Stormwater is the water draining off a site from the rain that falls on the roof and land, and everything it carries with it. The soil, organic matter, litter, fertilisers from gardens and oil residues from driveways it carries can pollute downstream waterways.
Rainwater refers only to the rain that falls on the roof, which is usually cleaner. However, stormwater can be a valuable resource. Reusing stormwater can save potable water and reduce downstream environmental impacts.
In urban areas stormwater is generated by rain runoff from roofs, roads, driveways, footpaths and other impervious or hard surfaces. In Australia the stormwater system is separate from the sewer system. Unlike sewage, stormwater is generally not treated before being discharged to waterways and the sea.
Poorly managed stormwater can cause problems on and off site through erosion and the transportation of nutrients, chemical pollutants, litter and sediments to waterways. Well-managed stormwater can replace imported water for uses where high quality water is not required, such as garden watering.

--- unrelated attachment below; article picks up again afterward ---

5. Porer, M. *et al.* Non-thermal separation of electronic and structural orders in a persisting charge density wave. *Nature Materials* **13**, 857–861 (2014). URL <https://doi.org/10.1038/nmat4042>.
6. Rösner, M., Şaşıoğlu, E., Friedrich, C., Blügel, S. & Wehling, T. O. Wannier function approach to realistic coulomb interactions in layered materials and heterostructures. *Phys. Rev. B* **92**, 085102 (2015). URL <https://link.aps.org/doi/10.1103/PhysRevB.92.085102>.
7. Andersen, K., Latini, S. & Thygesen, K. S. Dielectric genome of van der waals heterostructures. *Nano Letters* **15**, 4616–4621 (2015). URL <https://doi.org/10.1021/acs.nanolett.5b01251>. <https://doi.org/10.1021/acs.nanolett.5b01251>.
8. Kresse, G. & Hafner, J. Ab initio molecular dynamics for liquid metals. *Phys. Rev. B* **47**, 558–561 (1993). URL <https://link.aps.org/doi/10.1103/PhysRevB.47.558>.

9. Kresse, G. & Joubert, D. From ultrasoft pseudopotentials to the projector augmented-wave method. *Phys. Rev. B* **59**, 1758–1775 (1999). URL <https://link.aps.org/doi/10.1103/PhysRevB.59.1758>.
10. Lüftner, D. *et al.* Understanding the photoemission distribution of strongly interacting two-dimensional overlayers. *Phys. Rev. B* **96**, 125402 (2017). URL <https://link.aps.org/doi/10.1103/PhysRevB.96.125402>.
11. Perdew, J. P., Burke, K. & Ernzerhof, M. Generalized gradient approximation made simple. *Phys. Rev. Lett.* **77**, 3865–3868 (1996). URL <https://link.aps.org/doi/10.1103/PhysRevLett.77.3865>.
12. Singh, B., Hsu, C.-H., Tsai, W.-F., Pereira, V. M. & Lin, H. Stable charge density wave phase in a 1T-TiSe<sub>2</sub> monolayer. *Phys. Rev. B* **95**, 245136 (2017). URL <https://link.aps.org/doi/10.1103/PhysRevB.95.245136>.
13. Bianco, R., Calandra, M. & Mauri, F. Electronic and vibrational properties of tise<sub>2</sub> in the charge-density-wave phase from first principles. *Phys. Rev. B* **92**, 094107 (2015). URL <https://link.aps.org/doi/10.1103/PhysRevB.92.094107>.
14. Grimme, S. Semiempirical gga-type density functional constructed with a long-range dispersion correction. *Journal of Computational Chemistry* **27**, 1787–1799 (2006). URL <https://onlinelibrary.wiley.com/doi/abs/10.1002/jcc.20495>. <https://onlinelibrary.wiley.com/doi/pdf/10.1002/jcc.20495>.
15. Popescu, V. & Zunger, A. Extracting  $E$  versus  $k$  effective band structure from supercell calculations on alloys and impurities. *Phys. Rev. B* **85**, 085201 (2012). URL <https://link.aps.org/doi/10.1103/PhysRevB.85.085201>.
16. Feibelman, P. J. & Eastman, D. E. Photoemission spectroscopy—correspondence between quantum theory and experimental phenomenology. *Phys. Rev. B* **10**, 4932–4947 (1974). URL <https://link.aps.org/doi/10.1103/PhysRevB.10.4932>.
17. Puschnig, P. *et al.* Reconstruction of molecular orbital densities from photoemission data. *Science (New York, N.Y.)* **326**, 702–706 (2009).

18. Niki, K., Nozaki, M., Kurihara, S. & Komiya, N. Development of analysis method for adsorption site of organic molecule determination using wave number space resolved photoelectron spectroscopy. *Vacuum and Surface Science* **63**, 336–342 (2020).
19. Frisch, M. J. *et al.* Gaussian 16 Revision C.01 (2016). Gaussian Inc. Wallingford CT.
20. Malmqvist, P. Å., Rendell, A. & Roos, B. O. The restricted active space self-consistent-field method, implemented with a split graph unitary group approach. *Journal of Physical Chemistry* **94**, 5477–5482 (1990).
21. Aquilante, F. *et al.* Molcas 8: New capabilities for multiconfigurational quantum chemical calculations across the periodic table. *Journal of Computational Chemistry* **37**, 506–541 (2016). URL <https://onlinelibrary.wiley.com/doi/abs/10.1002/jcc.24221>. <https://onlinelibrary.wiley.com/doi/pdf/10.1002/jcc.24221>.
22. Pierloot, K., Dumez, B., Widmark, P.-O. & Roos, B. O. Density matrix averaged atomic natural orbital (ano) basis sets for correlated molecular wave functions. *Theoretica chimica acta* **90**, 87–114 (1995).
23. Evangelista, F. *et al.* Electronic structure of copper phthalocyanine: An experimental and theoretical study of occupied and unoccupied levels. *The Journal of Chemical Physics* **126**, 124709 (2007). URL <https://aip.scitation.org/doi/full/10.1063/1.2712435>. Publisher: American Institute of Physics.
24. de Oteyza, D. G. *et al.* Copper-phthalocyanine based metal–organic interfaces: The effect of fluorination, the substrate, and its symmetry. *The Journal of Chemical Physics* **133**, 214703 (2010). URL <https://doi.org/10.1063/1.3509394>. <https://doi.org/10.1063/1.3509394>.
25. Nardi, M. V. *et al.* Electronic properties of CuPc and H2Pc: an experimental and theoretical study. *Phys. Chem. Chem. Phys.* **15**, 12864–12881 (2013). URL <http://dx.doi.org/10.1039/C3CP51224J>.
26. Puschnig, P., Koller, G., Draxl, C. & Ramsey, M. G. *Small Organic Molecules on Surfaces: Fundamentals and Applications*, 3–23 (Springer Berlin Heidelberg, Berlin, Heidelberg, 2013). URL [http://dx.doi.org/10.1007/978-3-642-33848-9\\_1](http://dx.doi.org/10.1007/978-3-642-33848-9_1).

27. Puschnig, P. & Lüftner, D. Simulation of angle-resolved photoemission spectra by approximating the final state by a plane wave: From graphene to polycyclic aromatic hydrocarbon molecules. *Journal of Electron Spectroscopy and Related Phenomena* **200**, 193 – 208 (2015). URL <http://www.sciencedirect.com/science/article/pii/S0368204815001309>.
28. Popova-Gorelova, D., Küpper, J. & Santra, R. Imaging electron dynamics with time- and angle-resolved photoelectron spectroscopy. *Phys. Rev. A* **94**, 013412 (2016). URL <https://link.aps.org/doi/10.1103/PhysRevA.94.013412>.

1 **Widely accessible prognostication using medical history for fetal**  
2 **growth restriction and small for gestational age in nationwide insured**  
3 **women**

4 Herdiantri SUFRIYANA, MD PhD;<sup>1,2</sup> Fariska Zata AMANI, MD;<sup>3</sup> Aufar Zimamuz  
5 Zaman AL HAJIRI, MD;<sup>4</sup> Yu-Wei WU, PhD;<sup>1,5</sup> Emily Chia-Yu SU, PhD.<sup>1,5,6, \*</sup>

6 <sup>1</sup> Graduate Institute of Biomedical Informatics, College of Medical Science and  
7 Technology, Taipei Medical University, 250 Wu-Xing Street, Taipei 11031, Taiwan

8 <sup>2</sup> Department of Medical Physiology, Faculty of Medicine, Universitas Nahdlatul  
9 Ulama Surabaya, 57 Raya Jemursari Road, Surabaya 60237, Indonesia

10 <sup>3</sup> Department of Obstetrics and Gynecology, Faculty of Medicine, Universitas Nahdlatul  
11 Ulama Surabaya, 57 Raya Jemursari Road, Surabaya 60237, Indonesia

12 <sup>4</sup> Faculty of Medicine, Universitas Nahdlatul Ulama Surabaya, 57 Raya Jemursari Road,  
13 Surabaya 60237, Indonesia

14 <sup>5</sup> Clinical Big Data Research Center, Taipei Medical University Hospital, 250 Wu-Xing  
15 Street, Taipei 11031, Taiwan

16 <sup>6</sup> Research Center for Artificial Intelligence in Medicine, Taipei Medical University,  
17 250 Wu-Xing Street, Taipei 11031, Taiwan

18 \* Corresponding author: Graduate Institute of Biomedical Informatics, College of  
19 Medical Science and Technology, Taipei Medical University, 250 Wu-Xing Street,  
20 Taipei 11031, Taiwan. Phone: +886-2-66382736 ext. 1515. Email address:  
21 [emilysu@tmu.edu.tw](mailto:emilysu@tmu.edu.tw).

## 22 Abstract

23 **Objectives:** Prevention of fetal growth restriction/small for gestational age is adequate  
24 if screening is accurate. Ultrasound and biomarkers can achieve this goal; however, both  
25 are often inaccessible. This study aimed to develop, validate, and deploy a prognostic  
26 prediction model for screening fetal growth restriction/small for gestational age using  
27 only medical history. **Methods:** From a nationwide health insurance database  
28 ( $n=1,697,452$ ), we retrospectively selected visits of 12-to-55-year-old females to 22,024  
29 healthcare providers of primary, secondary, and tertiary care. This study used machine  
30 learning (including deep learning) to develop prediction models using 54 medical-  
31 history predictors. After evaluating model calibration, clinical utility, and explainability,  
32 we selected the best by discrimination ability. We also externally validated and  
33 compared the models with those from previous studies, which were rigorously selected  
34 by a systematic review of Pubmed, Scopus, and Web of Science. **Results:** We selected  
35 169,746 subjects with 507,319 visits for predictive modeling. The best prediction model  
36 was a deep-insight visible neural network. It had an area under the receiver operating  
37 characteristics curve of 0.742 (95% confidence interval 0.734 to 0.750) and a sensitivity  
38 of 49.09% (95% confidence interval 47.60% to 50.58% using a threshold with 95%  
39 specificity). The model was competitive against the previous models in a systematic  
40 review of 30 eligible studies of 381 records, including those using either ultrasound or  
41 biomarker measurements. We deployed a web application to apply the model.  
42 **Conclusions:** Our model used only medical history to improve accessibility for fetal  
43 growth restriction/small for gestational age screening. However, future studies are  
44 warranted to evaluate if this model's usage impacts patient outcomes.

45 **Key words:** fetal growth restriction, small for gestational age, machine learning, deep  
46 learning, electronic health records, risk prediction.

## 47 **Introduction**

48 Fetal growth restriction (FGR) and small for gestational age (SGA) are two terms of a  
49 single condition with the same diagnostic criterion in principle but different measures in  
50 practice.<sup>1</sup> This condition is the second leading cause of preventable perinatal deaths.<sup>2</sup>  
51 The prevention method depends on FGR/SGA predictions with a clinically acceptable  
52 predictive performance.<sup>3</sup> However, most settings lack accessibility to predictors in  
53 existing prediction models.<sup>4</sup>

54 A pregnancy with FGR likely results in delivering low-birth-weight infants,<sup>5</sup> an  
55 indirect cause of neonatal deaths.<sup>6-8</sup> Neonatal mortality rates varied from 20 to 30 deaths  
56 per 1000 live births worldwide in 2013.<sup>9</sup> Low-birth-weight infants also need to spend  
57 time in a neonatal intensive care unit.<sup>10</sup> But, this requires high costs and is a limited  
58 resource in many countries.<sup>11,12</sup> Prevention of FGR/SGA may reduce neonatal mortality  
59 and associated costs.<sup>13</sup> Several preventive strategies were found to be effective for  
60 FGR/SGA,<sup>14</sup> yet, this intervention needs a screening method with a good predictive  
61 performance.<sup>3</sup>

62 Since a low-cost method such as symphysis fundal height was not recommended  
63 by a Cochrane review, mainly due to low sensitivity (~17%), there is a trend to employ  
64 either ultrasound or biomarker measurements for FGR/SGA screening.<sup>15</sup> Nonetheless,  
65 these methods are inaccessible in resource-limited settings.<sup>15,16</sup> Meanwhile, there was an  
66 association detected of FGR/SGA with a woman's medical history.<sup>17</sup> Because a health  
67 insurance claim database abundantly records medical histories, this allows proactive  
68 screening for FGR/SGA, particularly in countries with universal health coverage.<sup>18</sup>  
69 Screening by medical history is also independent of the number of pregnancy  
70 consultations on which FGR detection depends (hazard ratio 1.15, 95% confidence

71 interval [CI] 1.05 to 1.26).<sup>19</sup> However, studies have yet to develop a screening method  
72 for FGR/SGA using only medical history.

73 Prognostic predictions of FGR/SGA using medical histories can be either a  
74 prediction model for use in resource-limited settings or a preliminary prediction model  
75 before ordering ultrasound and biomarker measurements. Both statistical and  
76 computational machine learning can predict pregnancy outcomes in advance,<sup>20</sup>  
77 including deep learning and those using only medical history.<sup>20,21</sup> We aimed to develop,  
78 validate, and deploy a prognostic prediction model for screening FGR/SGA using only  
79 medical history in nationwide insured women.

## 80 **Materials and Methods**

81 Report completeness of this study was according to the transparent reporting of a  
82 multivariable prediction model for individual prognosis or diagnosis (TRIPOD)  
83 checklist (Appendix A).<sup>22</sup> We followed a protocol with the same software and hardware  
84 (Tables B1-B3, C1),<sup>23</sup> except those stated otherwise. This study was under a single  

A homeowner can take simple steps to manage stormwater and reduce its environmental impact.
Take some simple steps to better manage stormwater and reduce the environmental impact of your home.
- Avoid cut and fill on your block when preparing the building foundations. Attempt to maintain the existing topography and drainage pattern.
- Retain vegetation, particularly deep-rooted trees. They lower the watertable, bind the soil, filter nutrients, decrease runoff velocities, capture sediment and reduce the potential for dryland salinity.
- Reduce erosion potential on site during building works by minimising the time that land is left in an exposed, unstable condition. Employ sediment traps and divert ‘clean’ stormwater around the disturbed site (see Sediment control).
- Minimise the area of impervious surfaces such as paved areas, roofs and concrete driveways.
- Grade impervious surfaces, such as driveways, during construction to drain to vegetated areas.